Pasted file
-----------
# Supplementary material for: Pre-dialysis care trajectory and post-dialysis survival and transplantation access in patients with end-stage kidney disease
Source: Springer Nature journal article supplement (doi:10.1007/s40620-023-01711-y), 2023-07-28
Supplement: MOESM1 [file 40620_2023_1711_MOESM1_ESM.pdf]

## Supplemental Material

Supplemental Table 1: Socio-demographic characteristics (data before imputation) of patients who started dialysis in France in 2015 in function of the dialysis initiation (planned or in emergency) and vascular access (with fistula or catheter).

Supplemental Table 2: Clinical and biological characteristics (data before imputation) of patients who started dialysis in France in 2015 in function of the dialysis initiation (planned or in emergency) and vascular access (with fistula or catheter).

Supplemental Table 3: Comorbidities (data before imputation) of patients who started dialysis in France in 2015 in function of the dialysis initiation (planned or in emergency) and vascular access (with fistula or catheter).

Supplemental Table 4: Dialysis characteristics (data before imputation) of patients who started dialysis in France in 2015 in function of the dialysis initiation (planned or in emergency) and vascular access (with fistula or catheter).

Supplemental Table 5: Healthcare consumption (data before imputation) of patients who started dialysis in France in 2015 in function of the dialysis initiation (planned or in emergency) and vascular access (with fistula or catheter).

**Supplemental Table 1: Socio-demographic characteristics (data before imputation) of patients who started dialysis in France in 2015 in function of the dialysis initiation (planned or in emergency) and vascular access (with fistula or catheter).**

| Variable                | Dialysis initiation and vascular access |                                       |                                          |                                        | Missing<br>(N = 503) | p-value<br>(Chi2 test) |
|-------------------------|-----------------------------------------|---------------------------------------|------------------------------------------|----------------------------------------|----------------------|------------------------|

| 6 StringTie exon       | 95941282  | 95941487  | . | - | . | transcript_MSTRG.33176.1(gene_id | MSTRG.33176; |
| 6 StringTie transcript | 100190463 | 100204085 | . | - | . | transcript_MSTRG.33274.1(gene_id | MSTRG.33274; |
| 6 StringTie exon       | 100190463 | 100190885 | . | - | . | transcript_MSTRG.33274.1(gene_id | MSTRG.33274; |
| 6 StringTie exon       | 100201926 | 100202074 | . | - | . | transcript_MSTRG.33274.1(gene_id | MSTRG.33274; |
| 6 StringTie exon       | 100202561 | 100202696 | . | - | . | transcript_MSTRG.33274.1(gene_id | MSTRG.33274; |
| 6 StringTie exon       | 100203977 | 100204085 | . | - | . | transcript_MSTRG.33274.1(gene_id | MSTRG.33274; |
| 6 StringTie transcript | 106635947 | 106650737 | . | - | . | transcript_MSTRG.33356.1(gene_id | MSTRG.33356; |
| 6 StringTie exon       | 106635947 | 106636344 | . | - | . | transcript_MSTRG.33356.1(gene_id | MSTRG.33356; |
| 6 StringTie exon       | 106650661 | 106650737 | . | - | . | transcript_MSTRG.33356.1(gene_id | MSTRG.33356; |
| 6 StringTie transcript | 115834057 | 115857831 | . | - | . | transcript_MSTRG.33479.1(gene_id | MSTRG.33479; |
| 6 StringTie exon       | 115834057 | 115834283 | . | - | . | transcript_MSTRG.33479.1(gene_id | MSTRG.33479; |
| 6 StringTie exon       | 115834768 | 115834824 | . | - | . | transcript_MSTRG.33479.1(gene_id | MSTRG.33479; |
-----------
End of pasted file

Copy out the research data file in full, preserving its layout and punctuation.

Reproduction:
# Supplementary material for: Pre-dialysis care trajectory and post-dialysis survival and transplantation access in patients with end-stage kidney disease
Source: Springer Nature journal article supplement (doi:10.1007/s40620-023-01711-y), 2023-07-28
Supplement: MOESM1 [file 40620_2023_1711_MOESM1_ESM.pdf]

## Supplemental Material

Supplemental Table 1: Socio-demographic characteristics (data before imputation) of patients who started dialysis in France in 2015 in function of the dialysis initiation (planned or in emergency) and vascular access (with fistula or catheter).

Supplemental Table 2: Clinical and biological characteristics (data before imputation) of patients who started dialysis in France in 2015 in function of the dialysis initiation (planned or in emergency) and vascular access (with fistula or catheter).

Supplemental Table 3: Comorbidities (data before imputation) of patients who started dialysis in France in 2015 in function of the dialysis initiation (planned or in emergency) and vascular access (with fistula or catheter).

Supplemental Table 4: Dialysis characteristics (data before imputation) of patients who started dialysis in France in 2015 in function of the dialysis initiation (planned or in emergency) and vascular access (with fistula or catheter).

Supplemental Table 5: Healthcare consumption (data before imputation) of patients who started dialysis in France in 2015 in function of the dialysis initiation (planned or in emergency) and vascular access (with fistula or catheter).

**Supplemental Table 1: Socio-demographic characteristics (data before imputation) of patients who started dialysis in France in 2015 in function of the dialysis initiation (planned or in emergency) and vascular access (with fistula or catheter).**

| Variable                | Dialysis initiation and vascular access |                                       |                                          |                                        | Missing<br>(N = 503) | p-value<br>(Chi2 test) |
|-------------------------|-----------------------------------------|---------------------------------------|------------------------------------------|----------------------------------------|----------------------|------------------------|

| 6 StringTie exon       | 95941282  | 95941487  | . | - | . | transcript_MSTRG.33176.1(gene_id | MSTRG.33176; |
| 6 StringTie transcript | 100190463 | 100204085 | . | - | . | transcript_MSTRG.33274.1(gene_id | MSTRG.33274; |
| 6 StringTie exon       | 100190463 | 100190885 | . | - | . | transcript_MSTRG.33274.1(gene_id | MSTRG.33274; |
| 6 StringTie exon       | 100201926 | 100202074 | . | - | . | transcript_MSTRG.33274.1(gene_id | MSTRG.33274; |
| 6 StringTie exon       | 100202561 | 100202696 | . | - | . | transcript_MSTRG.33274.1(gene_id | MSTRG.33274; |
| 6 StringTie exon       | 100203977 | 100204085 | . | - | . | transcript_MSTRG.33274.1(gene_id | MSTRG.33274; |
| 6 StringTie transcript | 106635947 | 106650737 | . | - | . | transcript_MSTRG.33356.1(gene_id | MSTRG.33356; |
| 6 StringTie exon       | 106635947 | 106636344 | . | - | . | transcript_MSTRG.33356.1(gene_id | MSTRG.33356; |
| 6 StringTie exon       | 106650661 | 106650737 | . | - | . | transcript_MSTRG.33356.1(gene_id | MSTRG.33356; |
| 6 StringTie transcript | 115834057 | 115857831 | . | - | . | transcript_MSTRG.33479.1(gene_id | MSTRG.33479; |
| 6 StringTie exon       | 115834057 | 115834283 | . | - | . | transcript_MSTRG.33479.1(gene_id | MSTRG.33479; |
| 6 StringTie exon       | 115834768 | 115834824 | . | - | . | transcript_MSTRG.33479.1(gene_id | MSTRG.33479; |